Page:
Brookhaven’s Cecil Rhodes celebrates birthday 102
Published 4:57 pm Tuesday, September 6, 2022
In 1920, the first commercially-licensed radio station began broadcasting, Prohibition began, women gained the right to vote and Brookhavenite Cecil Rhodes was born in Neshoba County.
Celebrating birthday number 102 Tuesday, Sept. 6, Rhodes has seen more people and things come and go than a vast majority of others alive today. He’s been around longer than cell phones, televisions, microwaves and vacuum cleaners.
The U.S. Department of Veterans Affairs estimates there are fewer than 169,000 United States World War II veterans still alive — about 1 percent of all the men who served. Fewer than 0.01 percent of Americans live past age 100. Rhodes — “Mr. Cecil,” as most who know him call him — falls into both those categories.
He’s lived in Brookhaven for 73 years and enjoys his home on Rhodes Lane in the Halbert Heights area. On Thursday, Sept. 8, well-wishers can drive by his home 2-4 p.m. and wave and possibly say hello to him, depending on the weather and how he feels.
Mr. Cecil is a tall thin man who was often seen prior to the COVID-19 pandemic at various events around town, at his church home at First Baptist Brookhaven or sharing coffee and conversation with his buddies at Burger King. He would have his wooden cane and be wearing a World War II veteran cap and a near-perpetual smile.
Now he says he has to have his wheeled walker to get anywhere — “Or I’m stranded” — but he still does get around.
His average day involves reading a chapter of the Bible, followed by a trip outdoors.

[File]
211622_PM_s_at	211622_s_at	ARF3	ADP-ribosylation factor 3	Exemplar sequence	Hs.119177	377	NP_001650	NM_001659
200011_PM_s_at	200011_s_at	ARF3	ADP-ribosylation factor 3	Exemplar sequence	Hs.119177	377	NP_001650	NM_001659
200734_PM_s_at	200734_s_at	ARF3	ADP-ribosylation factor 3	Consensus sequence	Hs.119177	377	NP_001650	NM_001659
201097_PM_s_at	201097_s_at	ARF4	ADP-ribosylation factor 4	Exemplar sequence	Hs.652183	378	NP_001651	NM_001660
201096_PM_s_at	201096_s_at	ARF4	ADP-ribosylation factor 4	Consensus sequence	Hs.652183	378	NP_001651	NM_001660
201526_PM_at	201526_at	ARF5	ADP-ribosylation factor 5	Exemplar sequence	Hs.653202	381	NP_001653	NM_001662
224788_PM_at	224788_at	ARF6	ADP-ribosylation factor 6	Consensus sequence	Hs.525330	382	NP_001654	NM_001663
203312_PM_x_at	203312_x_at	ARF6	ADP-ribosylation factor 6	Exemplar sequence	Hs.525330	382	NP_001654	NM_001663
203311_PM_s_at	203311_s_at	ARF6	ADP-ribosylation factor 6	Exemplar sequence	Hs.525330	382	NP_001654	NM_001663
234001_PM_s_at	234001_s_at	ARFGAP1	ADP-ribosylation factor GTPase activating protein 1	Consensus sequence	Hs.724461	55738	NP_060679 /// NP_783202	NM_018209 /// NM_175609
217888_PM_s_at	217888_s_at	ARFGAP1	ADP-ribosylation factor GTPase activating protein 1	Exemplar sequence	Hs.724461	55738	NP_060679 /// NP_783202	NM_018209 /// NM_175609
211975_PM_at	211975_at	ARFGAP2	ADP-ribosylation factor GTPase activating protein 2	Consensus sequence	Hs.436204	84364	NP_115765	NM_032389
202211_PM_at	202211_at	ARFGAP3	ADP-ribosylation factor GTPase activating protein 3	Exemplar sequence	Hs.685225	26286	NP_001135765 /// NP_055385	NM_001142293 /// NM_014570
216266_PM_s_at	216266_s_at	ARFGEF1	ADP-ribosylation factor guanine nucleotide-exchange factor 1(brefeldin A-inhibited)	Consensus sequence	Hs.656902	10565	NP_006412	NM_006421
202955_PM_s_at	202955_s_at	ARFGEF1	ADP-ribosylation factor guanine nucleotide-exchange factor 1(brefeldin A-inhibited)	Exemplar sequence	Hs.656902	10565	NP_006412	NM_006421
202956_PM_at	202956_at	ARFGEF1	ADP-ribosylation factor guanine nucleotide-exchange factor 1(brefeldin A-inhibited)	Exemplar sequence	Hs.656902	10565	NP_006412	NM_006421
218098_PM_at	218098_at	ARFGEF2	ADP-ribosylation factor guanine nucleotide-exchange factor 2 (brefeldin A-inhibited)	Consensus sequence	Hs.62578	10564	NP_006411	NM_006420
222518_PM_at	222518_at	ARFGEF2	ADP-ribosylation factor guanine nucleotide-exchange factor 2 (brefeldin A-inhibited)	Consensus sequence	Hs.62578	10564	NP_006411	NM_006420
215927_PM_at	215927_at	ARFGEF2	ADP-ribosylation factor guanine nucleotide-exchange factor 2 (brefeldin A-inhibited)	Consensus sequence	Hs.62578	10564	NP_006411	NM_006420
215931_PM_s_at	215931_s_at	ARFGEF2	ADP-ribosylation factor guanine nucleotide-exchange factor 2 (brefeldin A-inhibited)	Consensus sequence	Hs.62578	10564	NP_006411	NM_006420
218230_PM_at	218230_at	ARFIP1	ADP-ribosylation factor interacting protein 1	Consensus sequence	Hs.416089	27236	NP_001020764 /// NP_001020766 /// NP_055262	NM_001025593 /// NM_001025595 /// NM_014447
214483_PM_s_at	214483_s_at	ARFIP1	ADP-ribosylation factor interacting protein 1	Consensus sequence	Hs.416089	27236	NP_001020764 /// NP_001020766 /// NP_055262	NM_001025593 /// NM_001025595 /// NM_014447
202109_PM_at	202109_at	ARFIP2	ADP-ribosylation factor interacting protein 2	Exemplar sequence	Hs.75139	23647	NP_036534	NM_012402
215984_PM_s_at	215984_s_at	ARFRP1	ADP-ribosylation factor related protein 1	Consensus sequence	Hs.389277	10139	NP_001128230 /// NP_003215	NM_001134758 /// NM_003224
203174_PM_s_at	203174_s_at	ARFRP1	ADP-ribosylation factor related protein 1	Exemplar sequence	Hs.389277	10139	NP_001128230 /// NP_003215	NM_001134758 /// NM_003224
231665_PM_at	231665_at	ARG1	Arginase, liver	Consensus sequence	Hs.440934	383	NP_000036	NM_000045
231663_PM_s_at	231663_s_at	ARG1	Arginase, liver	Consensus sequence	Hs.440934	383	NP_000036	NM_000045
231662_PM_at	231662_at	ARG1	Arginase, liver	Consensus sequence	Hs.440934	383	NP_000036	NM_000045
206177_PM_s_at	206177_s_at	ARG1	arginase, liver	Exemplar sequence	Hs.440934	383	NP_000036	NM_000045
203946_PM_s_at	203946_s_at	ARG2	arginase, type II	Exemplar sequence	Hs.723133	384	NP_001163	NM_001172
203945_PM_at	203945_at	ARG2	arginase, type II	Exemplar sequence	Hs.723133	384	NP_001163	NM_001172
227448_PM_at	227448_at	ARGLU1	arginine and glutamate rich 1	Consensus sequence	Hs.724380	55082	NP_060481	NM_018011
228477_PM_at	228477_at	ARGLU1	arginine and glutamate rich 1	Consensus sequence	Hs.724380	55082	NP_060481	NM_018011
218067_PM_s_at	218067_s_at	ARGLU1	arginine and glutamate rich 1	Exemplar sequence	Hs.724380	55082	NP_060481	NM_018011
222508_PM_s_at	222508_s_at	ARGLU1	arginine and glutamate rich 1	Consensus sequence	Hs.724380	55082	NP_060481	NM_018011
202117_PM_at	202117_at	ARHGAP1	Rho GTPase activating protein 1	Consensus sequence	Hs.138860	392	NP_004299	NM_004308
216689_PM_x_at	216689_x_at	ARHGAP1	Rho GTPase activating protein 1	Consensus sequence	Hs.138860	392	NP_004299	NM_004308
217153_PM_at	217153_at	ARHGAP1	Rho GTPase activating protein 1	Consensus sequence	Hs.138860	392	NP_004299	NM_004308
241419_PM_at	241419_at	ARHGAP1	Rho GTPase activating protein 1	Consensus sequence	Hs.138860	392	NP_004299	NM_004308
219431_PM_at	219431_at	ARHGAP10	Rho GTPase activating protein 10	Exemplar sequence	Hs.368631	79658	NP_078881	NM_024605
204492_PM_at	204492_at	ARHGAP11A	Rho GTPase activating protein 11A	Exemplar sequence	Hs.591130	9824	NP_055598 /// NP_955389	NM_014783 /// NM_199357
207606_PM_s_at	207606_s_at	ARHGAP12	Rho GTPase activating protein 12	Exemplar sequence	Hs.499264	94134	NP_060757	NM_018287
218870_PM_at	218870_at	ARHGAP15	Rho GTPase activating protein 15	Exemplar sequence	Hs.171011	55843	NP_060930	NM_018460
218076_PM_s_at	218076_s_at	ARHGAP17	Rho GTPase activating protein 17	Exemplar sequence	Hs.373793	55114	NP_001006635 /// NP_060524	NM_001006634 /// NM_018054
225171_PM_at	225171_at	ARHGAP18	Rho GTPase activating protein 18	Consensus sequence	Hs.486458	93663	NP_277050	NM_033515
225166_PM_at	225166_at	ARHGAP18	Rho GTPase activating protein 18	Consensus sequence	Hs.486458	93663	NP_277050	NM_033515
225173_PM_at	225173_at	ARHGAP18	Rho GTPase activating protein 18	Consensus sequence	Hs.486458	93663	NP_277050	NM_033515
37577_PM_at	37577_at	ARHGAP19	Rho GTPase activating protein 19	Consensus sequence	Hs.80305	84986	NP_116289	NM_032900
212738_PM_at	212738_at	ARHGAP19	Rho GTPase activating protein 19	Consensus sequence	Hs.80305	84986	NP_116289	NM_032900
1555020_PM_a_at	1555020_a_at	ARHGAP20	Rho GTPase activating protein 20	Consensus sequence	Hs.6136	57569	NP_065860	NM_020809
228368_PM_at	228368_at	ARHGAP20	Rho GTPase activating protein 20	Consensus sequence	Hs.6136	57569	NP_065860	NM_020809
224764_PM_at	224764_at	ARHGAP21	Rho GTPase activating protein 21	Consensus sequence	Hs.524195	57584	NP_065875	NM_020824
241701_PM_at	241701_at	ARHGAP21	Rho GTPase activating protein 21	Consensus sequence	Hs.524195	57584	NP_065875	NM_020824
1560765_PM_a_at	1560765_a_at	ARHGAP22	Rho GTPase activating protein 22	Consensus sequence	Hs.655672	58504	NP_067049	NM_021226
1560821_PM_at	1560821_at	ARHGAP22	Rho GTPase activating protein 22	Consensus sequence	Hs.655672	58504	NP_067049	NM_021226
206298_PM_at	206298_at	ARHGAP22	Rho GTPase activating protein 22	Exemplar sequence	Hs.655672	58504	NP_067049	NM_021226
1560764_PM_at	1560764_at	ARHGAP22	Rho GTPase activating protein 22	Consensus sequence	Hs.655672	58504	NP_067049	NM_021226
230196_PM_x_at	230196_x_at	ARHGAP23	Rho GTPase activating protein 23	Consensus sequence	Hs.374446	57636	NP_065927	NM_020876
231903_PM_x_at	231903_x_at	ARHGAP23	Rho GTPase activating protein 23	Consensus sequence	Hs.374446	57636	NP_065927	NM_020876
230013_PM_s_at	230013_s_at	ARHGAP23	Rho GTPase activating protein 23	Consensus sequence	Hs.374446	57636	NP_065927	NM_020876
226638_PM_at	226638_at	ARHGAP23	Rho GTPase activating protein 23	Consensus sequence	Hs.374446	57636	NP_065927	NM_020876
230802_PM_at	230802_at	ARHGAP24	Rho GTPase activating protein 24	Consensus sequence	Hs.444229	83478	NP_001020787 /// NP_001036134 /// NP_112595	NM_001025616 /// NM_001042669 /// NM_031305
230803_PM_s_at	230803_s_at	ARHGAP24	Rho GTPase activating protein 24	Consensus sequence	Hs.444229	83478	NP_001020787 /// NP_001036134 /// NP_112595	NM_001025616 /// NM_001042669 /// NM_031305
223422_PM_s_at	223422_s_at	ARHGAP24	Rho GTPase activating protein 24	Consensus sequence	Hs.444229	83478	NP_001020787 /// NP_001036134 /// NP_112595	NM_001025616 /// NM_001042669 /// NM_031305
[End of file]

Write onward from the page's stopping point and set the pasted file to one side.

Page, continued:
“I get outside and walk back and forth to get these legs limber,” Mr. Cecil said. “If I get in my chair it’s hard to get out. It’s too comfortable.”
Just as he’s done for time immemorial, he’s growing tomatoes — though only one of his four plants is “doing good” — watermelon and squash in his garden.
“I do it for therapy,” he said. “It’s something I can look forward to. It’s something for me to occupy my time and not be idle. I try to stay active.”
When he feels up to it, he mounts his motorized scooter and scoots around his neighborhood, visiting with people who are either already outside, or who come out to greet him.
When it’s baseball season and the Atlanta Braves are playing, Mr. Cecil tries to be in his comfortable recliner watching. And when it’s football season, he’ll watch a lot of games. Watching sports makes him happy, as does visiting with friends, and the love and support of his family.
“I’ve heard about as parents get older, children pushing them aside, but that’s not true for me,” said Mr. Cecil. “My children Byron and Sheila take good care of this old man.”
He surrendered his life to Jesus more than nine decades ago, and was baptized in a neighbor’s cow pond, after they’d chased the cows out of it. His relationship with God has been his greatest blessing.
“I have been so blessed. Never in this life did I plan on old age (but) for whatever reason the Lord has left me here,” he said. “I can still sleep in my own bed. I’m just thankful that the Lord has blessed me like he has. Even though it’s limited, I can still take care of a lot of personal things. I don’t move as fast as I once did, but I can get up. I can stand and balance myself and move along.”
Surrounded by some of his family the day before his birthday, Mr. Cecil was happy.
“The Lord has just taken care of me. Through the years I have just been blessed so much.”